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Florida flag fish for algae control?


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#1 lupacexi

lupacexi
  • NANFA Guest

Posted 25 July 2017 - 02:45 PM

One day I upped my white LED lights to 100% from a fairly low level (45-50%). I forgot about it and left it at 100% for a while. Now I'm experiencing some algae problems. In addition to turning down the lights, I am doing frequent water changes and am watching my feeding so I don't overfeed.

But I was wondering: How effective are Florida flag fish at removing algae? Are they aggressive? I've read some unflattering things about their behavior, but an wondering what you all think.

I have six rainbow darters, eight southern redbelly dace and a small school of mixed shiners. I wouldn't want to add anything that would harm them.



#2 Casper

Casper
  • NANFA Fellow
  • Chattanooga, TN alongside South Chickamauga Creek, just upstream of the mighty Tennessee River.

Posted 25 July 2017 - 07:16 PM

Stonerollers are good algae eaters and would compliment what you have as they are often cohabitat species.


Casper Cox
Chattanooga, near the TN Divide on BlueFishRidge overlooking South Chickamauga Creek.

#3 gerald

gerald
  • Global Moderator
  • Wake Forest, North Carolina

Posted 26 July 2017 - 08:53 AM

Depends in part on the kinds of algae you have.  Even algae-eating specialists don't eat all kinds of algae.  I haven't found any animal that reliably eats mat-forming blue-greens (Oscillatoria, Phormidium, etc).  Amano shrimp (Asian) seem to be the best overall algae-eaters.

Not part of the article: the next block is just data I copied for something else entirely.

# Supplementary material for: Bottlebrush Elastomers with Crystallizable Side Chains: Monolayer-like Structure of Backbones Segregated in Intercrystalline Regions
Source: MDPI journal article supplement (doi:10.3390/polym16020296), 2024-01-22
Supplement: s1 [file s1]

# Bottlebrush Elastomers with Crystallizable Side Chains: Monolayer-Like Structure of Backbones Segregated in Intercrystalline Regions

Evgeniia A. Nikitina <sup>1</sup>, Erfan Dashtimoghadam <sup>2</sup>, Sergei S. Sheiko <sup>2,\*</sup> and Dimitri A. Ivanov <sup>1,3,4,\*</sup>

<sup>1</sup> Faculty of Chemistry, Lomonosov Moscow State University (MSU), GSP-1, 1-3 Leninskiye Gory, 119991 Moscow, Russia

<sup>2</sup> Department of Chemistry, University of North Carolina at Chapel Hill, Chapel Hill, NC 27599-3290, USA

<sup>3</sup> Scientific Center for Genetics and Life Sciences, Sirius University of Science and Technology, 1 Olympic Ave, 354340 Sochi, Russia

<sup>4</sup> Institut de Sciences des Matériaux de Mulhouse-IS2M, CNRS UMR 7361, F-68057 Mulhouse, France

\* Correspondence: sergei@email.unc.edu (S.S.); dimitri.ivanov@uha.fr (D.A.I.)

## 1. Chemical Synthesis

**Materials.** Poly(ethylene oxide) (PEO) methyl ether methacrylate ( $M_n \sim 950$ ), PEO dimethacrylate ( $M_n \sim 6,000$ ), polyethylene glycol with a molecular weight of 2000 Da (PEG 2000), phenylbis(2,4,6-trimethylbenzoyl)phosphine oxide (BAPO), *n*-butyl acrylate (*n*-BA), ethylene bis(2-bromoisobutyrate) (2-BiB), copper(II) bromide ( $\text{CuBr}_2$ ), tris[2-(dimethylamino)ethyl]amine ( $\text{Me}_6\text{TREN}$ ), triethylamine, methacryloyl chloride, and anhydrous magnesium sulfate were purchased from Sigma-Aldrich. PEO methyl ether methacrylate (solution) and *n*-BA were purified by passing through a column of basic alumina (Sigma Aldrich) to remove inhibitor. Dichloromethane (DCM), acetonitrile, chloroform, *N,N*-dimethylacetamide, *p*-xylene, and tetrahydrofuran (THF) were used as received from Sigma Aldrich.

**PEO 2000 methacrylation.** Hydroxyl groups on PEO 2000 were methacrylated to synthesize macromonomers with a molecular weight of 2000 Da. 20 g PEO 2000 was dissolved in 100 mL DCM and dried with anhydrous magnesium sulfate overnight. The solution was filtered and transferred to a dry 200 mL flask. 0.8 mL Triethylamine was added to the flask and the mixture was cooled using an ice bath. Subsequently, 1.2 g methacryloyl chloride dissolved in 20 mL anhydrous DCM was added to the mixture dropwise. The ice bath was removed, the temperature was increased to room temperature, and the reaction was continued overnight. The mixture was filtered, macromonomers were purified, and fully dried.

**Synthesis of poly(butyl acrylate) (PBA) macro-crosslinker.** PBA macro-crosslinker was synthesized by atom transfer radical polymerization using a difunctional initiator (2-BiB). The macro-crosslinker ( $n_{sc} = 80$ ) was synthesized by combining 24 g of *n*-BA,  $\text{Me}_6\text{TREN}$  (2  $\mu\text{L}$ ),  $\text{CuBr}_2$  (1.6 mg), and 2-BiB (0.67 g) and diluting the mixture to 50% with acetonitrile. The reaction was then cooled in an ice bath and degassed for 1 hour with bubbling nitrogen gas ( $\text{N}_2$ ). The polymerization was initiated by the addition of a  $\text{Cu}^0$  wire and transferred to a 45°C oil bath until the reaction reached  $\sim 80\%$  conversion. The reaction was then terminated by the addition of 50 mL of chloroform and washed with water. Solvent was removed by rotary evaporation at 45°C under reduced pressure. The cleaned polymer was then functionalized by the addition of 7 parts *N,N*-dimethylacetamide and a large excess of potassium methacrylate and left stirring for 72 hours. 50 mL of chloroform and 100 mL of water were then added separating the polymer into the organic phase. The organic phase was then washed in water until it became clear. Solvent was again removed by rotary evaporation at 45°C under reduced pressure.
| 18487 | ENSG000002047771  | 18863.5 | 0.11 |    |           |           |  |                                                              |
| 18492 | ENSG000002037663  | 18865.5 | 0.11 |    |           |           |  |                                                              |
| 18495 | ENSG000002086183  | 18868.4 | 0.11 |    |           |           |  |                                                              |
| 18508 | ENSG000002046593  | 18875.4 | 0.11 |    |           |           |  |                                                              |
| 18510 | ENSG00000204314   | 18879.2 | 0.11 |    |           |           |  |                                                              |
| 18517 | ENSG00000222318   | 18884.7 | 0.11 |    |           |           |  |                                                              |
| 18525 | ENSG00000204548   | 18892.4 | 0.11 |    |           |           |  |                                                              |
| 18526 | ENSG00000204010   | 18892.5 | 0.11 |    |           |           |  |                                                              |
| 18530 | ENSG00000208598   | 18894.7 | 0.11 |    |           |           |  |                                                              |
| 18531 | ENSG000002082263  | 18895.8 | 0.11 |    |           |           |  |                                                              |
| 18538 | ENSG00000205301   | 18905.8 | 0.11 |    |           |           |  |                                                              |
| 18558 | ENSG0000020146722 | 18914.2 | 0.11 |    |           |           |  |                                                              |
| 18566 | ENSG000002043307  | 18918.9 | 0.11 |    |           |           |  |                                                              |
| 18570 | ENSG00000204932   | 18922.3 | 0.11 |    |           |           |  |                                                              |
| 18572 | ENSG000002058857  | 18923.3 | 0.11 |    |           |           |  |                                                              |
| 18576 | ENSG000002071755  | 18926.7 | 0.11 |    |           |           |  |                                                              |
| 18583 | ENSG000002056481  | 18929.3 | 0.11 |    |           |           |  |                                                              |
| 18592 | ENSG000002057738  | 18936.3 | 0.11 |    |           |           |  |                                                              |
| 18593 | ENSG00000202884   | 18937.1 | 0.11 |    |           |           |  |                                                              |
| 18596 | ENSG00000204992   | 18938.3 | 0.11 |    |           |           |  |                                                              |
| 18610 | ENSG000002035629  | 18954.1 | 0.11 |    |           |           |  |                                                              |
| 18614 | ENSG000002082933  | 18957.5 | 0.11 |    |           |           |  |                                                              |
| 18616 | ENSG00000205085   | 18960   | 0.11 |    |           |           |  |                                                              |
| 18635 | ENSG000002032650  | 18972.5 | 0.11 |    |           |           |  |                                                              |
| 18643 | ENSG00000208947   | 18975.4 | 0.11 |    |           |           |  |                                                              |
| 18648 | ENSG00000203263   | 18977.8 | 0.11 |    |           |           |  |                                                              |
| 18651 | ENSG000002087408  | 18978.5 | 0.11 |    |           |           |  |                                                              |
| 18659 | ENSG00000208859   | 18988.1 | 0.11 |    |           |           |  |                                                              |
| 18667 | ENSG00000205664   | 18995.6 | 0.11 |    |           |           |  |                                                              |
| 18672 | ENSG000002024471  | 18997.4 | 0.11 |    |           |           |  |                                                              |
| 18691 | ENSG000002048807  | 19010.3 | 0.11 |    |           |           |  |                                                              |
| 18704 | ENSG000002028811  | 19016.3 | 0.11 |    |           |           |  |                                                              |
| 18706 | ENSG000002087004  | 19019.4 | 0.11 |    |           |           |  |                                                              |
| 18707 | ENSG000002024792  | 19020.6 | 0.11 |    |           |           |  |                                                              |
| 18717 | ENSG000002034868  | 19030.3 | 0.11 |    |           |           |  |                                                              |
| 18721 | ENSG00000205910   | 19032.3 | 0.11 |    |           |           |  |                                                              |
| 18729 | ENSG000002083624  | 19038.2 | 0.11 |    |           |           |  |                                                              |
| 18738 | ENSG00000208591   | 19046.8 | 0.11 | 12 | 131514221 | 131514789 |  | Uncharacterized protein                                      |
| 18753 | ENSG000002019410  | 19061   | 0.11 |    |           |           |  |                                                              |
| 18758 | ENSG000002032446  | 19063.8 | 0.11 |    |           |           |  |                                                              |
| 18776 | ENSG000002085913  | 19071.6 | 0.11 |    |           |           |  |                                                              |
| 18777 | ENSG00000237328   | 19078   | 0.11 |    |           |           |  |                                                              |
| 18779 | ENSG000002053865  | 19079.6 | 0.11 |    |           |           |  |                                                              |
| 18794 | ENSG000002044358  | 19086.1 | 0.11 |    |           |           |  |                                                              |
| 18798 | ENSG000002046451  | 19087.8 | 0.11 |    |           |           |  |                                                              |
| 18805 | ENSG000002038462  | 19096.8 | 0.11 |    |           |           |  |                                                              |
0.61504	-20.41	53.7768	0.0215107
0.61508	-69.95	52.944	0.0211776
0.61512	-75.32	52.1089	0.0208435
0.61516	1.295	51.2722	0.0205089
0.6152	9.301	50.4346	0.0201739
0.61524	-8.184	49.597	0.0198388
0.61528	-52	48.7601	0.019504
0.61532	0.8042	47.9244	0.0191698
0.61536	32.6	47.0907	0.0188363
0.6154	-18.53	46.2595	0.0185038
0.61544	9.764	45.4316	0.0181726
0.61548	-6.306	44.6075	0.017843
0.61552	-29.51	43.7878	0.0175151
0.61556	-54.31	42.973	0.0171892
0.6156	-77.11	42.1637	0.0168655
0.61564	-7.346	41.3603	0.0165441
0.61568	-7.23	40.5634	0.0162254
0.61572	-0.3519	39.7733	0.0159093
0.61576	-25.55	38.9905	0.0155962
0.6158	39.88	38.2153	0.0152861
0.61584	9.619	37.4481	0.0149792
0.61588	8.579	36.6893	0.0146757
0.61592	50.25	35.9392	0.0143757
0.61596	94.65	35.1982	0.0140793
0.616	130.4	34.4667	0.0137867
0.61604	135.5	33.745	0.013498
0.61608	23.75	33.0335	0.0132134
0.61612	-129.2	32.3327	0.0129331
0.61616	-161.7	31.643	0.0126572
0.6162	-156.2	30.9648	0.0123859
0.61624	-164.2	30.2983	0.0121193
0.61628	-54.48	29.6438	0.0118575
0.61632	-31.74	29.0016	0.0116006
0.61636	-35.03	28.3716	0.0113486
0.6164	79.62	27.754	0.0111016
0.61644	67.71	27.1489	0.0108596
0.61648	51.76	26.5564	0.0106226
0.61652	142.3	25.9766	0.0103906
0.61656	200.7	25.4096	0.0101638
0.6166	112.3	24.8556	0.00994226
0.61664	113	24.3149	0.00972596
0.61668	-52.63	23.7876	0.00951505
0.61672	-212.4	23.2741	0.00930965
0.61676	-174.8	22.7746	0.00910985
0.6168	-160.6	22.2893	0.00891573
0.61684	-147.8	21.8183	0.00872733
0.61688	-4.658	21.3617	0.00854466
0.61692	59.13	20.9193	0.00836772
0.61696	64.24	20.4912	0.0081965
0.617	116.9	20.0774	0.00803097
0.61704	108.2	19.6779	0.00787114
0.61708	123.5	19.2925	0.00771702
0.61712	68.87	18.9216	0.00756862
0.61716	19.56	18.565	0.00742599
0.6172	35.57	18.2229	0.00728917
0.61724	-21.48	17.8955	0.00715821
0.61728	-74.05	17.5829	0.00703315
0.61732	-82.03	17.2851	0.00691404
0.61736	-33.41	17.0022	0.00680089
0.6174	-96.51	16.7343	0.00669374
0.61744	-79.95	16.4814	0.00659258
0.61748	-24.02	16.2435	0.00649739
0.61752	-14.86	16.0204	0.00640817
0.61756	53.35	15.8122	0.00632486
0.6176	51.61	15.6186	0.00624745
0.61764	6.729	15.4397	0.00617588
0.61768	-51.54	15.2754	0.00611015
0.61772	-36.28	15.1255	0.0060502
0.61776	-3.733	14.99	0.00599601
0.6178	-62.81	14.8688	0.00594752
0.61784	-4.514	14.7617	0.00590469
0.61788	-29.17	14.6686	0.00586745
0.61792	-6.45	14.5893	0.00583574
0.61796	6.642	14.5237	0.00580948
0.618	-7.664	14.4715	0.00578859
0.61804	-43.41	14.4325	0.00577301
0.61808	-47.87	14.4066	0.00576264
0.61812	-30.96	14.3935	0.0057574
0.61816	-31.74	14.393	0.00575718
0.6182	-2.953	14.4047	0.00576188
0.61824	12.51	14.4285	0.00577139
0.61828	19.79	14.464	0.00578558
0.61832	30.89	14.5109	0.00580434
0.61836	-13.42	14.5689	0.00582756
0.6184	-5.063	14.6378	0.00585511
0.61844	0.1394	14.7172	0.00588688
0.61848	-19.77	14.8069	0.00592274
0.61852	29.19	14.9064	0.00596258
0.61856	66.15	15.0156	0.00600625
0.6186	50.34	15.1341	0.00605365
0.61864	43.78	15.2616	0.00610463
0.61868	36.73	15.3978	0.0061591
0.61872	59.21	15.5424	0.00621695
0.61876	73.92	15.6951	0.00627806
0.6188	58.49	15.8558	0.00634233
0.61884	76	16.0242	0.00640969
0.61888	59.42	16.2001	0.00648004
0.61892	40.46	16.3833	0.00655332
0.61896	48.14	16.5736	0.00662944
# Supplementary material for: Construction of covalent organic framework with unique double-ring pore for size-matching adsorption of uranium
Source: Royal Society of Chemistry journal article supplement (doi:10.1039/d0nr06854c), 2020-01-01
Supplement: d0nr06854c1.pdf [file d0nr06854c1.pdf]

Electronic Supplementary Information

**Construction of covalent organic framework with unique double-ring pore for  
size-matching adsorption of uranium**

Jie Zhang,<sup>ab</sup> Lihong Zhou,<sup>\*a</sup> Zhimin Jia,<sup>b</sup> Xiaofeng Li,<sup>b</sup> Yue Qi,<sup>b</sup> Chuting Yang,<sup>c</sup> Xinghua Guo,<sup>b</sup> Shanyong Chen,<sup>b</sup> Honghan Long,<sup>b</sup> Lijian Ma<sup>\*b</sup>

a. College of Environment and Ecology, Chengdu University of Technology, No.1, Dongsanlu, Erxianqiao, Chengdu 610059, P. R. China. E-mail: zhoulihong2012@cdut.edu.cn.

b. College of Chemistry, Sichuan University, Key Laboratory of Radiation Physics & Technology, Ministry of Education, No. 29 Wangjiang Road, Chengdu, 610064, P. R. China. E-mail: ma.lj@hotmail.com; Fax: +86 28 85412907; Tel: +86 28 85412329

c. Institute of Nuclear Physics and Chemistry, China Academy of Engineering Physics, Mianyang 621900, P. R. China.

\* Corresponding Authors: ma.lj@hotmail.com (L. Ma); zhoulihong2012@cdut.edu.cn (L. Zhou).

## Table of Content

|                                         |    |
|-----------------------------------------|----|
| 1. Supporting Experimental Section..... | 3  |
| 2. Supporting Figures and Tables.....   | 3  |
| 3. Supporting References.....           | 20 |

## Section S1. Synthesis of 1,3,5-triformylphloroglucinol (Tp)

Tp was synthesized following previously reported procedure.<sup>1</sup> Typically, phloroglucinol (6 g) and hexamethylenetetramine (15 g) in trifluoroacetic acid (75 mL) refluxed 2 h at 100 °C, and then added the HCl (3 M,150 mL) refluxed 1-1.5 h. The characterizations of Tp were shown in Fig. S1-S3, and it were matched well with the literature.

Gerald Pottern
-----------------------
Hangin' on the Neuse
"Taxonomy is the diaper used to organize the mess of evolution into discrete packages" - M.Sandel


#4 Josh Blaylock

Josh Blaylock
  • Board of Directors
  • Central Kentucky

Posted 26 July 2017 - 11:00 AM

I would go with Stonerollers, like Casper said.  They are the only native I've seen to actively eat on algae.


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#5 JasonL

JasonL
  • NANFA Member
  • Kentucky

Posted 26 July 2017 - 04:40 PM

My stonerollers would rather eat flake or bloodworms though I see them pick at algae a bit. i would not expect them alone to keep a tank looking pristine if you have a major algae problem. The best option for that is a non native pleco such as a bristlenose imo.

#6 Matt DeLaVega

Matt DeLaVega
  • Board of Directors
  • Ohio

Posted 26 July 2017 - 05:56 PM

Search using hydrogen peroxide for algae. I would prefer a fish do the work, but to initially get in check, a H2O2 dose might get
ahead of the game. Nativeplanter, Laura was her name, was a big proponent of peroxide for algae control. Or just learn to love it if it
isn't too out of hand.

The member formerly known as Skipjack





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